The Towering Inferno

  • Directors: John Guillermin, Irwin Allen
  • Producers: Irwin Allen
  • Writers: Novel, Richard Martin Stern, Thomas N Scortia, Frank M Robinson, Screenplay, Stirling Silliphant
  • Genres: Action, Thriller, Drama
  • Actors: Steve McQueen, Paul Newman, William Holden, Faye Dunaway, Fred Astaire, Susan Blakely, Richard Chamberlain, Jennifer Jones, O J Simpson, Robert Vaughn, Robert Wagner

Architect Doug Roberts (Paul Newman) arrives from a vacation for the dedication of the newly completed Glass Tower (which he designed) in San Francisco. At 138 stories, the skyscraper is the tallest building in the world and a dedication party is planned. Upon his arrival by helicopter, he meets building financier Jim Duncan (William Holden). Duncan reveals his plans for additional skyscrapers across the U.S., but Roberts wants to focus instead on building communities in rural areas, which causes friction with his girlfriend Susan Franklin (Faye Dunaway) who has been given a major promotion for the magazine she works for and wants to stay in the city. During a romantic rendezvous between Roberts and Susan, building technicians in the main utility room conduct a routine check of the building’s electrical systems. During the check, a circuit breaker unexpectedly shorts out and sends a power surge up into the building, culminating in the building’s relay system breaker shorting out in a storage room on the 81st floor, causing a small fire that stays contained and unnoticed due to a combination of a lack of accelerants and the shortcomings of the building’s security systems. Roberts is notified and presents a scorched wire from the utility room breaker to Duncan, who is baffled by the flare-up. Roberts goes to confront chief electrical engineer and Duncan’s son-in-law Roger Simmons (Richard Chamberlain) over the flare-up. During a tense meeting with Roberts at Simmons’ house, Simmons pleads ignorance and insists to Roberts that the building is up to code standards but does not admit to changing Roberts’s specifications. Roberts is skeptical of the building’s electrical system and demands Simmons bring the specifications to his office the next day and heads back to the building.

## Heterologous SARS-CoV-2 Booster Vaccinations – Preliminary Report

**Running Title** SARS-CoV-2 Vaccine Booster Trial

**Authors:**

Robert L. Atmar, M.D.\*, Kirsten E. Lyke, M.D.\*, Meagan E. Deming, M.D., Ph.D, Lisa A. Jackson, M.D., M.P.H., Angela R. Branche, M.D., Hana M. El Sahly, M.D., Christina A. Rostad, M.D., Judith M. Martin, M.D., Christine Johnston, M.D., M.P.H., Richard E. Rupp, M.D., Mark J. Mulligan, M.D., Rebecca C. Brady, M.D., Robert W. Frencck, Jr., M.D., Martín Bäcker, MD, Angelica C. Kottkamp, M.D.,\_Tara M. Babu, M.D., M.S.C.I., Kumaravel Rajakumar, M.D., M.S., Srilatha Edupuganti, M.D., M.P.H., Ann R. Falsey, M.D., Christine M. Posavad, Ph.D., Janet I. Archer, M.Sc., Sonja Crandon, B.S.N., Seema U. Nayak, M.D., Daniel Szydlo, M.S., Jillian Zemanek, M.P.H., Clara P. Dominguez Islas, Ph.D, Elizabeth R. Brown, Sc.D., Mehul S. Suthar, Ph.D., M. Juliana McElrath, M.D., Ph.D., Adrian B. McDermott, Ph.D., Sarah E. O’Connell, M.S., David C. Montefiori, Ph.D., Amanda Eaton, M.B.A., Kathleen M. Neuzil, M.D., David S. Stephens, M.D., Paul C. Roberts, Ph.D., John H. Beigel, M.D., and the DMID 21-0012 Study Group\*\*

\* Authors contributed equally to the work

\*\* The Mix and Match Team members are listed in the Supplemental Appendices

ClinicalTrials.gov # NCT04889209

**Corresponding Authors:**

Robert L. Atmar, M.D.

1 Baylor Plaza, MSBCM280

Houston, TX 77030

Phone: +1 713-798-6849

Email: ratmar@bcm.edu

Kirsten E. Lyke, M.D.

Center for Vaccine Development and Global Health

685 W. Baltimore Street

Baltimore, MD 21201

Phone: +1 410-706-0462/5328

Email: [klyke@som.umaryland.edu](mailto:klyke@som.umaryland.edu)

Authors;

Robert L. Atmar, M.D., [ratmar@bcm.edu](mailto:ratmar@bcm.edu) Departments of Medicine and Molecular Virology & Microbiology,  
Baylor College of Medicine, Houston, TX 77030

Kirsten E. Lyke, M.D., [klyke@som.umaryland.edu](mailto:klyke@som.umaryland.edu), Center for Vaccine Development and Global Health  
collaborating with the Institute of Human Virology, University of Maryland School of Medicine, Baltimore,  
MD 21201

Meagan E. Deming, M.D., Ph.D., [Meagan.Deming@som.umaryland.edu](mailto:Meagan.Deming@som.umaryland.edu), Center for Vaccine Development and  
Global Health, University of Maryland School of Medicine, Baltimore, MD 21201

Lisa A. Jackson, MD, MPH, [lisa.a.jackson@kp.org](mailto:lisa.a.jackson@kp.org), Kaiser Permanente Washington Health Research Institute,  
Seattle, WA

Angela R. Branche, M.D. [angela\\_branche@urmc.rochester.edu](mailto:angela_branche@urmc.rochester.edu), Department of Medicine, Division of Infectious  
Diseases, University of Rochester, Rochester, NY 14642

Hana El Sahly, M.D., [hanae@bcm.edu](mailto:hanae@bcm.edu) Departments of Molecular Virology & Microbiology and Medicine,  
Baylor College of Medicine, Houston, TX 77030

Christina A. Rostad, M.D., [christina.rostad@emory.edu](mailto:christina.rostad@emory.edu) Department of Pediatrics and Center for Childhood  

Outside the building, Roberts comments to Susan that he is unsure what will become of the building, but that perhaps it should be left alone as a symbol of the world’s problems. O’Hallorhan joins them and states that though fewer than 200 people died, the casualties could have been much worse, and a worse disaster is possible if builders and architects are not willing to take fire safety and fire fighting into account more seriously with skyscrapers. Roberts looks up at the charred skyscraper and promises to consult with O’Hallorhan on such matters in the future.


  • Directors: Sidney Lumet
  • Producers: Howard Gottfried
  • Writers: Paddy Chayefsky
  • Genres: Drama
  • Actors: Faye Dunaway, William Holden, Peter Finch, Robert Duvall, Ned Beatty, Beatrice Straight